“Nothing in the cosmos operates independently. We are all holons, which are simultaneously whole in themselves, and at the same time part of a larger whole.”
– Ilia Delio, Center for Action and Contemplation, 2014
I was just wondering how it might shift someone’s perspective about another person if his or her starting assumption is that that person is whole.
What would it do for a team if the leader’s starting assumption about that team is that it is made up of whole people who come together to form a larger whole?
What would it do for an organization, regardless of how large, if its value system centered on the inherent wholeness of each individual as central to the wholeness of the enterprise?
This is not whole as “complete” or “finished.” This is whole as in an independent entity that is connected to and integrated with every other independent entity.
I think there would be more respect and more reliance. I think there would be more generosity and more reciprocity.
I think it would both scare us and thrill us to learn how much is possible when we embrace the depth of our connection.
For the better portion of my adult life I was convinced that there was a scoreboard and that I was always on the losing side.
I allowed the scoreboard to enable my perfectionism. This meant that I didn’t try things I couldn’t be great at right away; I didn’t create things for fear of criticism, comparison or being found out as a fraud.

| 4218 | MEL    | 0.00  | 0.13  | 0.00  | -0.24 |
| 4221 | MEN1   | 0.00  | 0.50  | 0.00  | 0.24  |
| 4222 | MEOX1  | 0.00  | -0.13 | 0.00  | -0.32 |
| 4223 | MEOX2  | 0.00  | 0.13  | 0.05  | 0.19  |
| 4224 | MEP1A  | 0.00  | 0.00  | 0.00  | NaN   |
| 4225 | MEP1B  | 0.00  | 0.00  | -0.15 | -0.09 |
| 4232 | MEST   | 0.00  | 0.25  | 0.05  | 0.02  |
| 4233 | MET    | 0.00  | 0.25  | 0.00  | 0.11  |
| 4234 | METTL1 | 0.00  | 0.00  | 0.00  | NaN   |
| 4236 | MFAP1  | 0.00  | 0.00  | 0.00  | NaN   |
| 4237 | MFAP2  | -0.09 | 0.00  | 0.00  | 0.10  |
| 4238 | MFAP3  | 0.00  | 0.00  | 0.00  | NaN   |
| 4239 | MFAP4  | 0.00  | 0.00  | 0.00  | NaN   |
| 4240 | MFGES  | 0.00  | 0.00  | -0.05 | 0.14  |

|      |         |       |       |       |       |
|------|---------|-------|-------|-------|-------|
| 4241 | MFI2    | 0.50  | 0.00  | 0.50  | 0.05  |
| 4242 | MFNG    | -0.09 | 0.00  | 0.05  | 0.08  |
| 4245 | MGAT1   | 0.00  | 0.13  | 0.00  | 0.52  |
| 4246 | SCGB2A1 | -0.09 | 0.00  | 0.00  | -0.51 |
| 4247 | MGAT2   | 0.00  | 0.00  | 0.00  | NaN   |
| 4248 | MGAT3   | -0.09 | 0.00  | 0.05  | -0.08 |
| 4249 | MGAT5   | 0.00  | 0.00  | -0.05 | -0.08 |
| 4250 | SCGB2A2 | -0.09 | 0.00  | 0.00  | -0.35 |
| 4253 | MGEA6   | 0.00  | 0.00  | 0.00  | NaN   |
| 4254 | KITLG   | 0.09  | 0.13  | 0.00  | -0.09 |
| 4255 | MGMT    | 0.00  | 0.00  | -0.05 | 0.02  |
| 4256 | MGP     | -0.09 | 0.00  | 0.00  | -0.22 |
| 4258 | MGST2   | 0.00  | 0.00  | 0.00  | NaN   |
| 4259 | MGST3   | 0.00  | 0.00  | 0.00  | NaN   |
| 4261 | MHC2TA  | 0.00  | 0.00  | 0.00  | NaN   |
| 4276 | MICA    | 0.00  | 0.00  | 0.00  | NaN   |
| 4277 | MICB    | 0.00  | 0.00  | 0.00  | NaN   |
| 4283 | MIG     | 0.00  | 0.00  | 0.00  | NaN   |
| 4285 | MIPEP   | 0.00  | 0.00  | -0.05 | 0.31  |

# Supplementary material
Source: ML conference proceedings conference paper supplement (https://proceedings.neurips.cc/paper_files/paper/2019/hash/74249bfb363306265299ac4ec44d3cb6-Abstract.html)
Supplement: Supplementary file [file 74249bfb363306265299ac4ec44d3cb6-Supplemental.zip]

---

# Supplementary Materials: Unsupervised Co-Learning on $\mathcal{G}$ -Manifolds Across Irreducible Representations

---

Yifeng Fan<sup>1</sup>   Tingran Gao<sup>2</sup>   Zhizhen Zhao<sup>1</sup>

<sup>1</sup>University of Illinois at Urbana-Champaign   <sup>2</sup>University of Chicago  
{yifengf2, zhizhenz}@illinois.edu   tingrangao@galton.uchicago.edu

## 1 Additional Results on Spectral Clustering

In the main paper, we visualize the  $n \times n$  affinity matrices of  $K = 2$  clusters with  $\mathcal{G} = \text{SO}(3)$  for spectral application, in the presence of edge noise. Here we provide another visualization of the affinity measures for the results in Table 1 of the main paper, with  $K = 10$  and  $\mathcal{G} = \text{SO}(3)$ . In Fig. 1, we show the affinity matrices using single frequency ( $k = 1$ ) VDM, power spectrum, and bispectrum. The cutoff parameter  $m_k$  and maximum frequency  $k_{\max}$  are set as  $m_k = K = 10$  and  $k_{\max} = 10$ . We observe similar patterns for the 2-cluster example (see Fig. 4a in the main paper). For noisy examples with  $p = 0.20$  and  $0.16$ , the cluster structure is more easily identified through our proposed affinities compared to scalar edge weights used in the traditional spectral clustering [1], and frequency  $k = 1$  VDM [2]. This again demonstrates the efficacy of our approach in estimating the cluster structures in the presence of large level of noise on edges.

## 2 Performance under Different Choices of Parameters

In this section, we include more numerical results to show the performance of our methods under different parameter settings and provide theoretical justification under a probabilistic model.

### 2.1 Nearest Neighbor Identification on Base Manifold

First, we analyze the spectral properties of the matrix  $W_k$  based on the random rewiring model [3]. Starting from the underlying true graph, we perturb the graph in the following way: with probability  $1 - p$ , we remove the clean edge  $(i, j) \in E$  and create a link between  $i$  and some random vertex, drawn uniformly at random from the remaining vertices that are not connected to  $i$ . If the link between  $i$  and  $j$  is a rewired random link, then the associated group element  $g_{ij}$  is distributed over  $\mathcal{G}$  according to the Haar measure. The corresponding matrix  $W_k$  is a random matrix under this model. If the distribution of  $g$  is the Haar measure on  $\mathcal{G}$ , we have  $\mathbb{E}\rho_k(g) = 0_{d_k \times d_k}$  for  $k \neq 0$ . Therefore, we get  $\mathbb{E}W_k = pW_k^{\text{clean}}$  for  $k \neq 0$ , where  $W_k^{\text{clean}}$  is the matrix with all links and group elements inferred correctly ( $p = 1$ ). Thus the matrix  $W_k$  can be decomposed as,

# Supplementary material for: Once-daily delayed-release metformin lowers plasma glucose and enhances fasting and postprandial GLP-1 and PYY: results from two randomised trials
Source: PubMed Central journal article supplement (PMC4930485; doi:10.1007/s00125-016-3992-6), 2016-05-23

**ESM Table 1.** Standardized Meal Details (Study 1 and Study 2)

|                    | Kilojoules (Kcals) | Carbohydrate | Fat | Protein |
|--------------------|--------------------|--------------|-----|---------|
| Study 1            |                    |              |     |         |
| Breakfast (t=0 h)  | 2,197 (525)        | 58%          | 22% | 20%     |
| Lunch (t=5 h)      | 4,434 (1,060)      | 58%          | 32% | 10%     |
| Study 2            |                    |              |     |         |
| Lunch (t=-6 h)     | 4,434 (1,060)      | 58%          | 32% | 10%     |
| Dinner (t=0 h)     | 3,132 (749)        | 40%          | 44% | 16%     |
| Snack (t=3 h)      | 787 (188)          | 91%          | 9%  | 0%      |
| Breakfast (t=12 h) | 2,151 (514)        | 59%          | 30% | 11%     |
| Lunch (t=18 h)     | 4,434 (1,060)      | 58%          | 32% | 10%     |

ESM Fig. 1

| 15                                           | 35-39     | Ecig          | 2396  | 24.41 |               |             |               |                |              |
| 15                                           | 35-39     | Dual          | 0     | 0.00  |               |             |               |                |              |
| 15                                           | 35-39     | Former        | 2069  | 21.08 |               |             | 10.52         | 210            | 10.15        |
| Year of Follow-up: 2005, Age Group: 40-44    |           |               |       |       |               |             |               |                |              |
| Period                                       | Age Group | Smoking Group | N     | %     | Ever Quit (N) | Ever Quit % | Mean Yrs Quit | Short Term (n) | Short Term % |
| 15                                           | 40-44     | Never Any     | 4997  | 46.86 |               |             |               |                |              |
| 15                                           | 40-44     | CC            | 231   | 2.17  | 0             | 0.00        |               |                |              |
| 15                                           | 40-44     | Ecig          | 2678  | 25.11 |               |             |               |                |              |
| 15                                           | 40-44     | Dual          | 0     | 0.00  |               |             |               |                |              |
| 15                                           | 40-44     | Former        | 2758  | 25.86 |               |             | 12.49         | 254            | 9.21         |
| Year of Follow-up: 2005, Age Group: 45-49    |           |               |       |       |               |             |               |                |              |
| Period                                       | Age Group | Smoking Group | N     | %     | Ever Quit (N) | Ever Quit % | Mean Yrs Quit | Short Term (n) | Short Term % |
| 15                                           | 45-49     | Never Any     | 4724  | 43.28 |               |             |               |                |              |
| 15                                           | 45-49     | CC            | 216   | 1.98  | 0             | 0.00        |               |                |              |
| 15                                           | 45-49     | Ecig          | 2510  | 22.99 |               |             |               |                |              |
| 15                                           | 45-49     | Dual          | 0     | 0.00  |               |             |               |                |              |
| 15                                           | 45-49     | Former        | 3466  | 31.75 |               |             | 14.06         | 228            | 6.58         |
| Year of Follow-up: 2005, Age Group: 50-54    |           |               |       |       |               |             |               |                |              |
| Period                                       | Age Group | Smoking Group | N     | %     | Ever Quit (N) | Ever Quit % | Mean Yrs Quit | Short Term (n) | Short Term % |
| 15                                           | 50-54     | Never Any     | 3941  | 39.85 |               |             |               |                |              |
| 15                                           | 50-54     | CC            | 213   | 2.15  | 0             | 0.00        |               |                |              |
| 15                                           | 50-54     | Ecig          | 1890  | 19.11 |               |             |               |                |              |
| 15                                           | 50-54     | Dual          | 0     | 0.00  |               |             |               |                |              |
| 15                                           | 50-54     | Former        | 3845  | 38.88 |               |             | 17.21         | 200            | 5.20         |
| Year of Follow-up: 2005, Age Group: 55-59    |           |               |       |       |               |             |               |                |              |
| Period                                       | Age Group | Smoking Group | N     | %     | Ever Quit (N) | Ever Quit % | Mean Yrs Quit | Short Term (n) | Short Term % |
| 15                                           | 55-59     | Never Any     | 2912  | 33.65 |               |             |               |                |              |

I spent so much time staring at the scoreboard that I didn’t have any time left to look at myself. I had no idea how to do that.
And then a confluence of events created an opening for another way; a challenging professional opportunity and lots of difficult, necessary feedback put a crack in my facade, the one I had constructed to make up for my losing score.
That difficult feedback and the crack that came with it also came with an invitation for the kind of rigorous support that can repair the crack or at least contain its spread. Mentoring, counseling, friendship were made available to me in abundance for long enough that I could finally learn to mentor, counsel and befriend myself.
Here’s what I know: there was no scoreboard. There was only an adaptation to feelings of shame that led me to believe that I would not be, could not be, good enough.
But I was, and I am.
And so are you.
If you’re busy watching the score, please try to remind yourself that it’s not real; that there are good mentors, counselors and friends who will stand with you if you let them, and who will help you train your gaze on something much more worthy of your attention: your whole and healed self.
DAVID BERRY is the author of “A More Daring Life: Finding Voice at the Crossroads of Change” and the founder of RULE13 Learning. He speaks and writes about the complexity of leading in a changing world.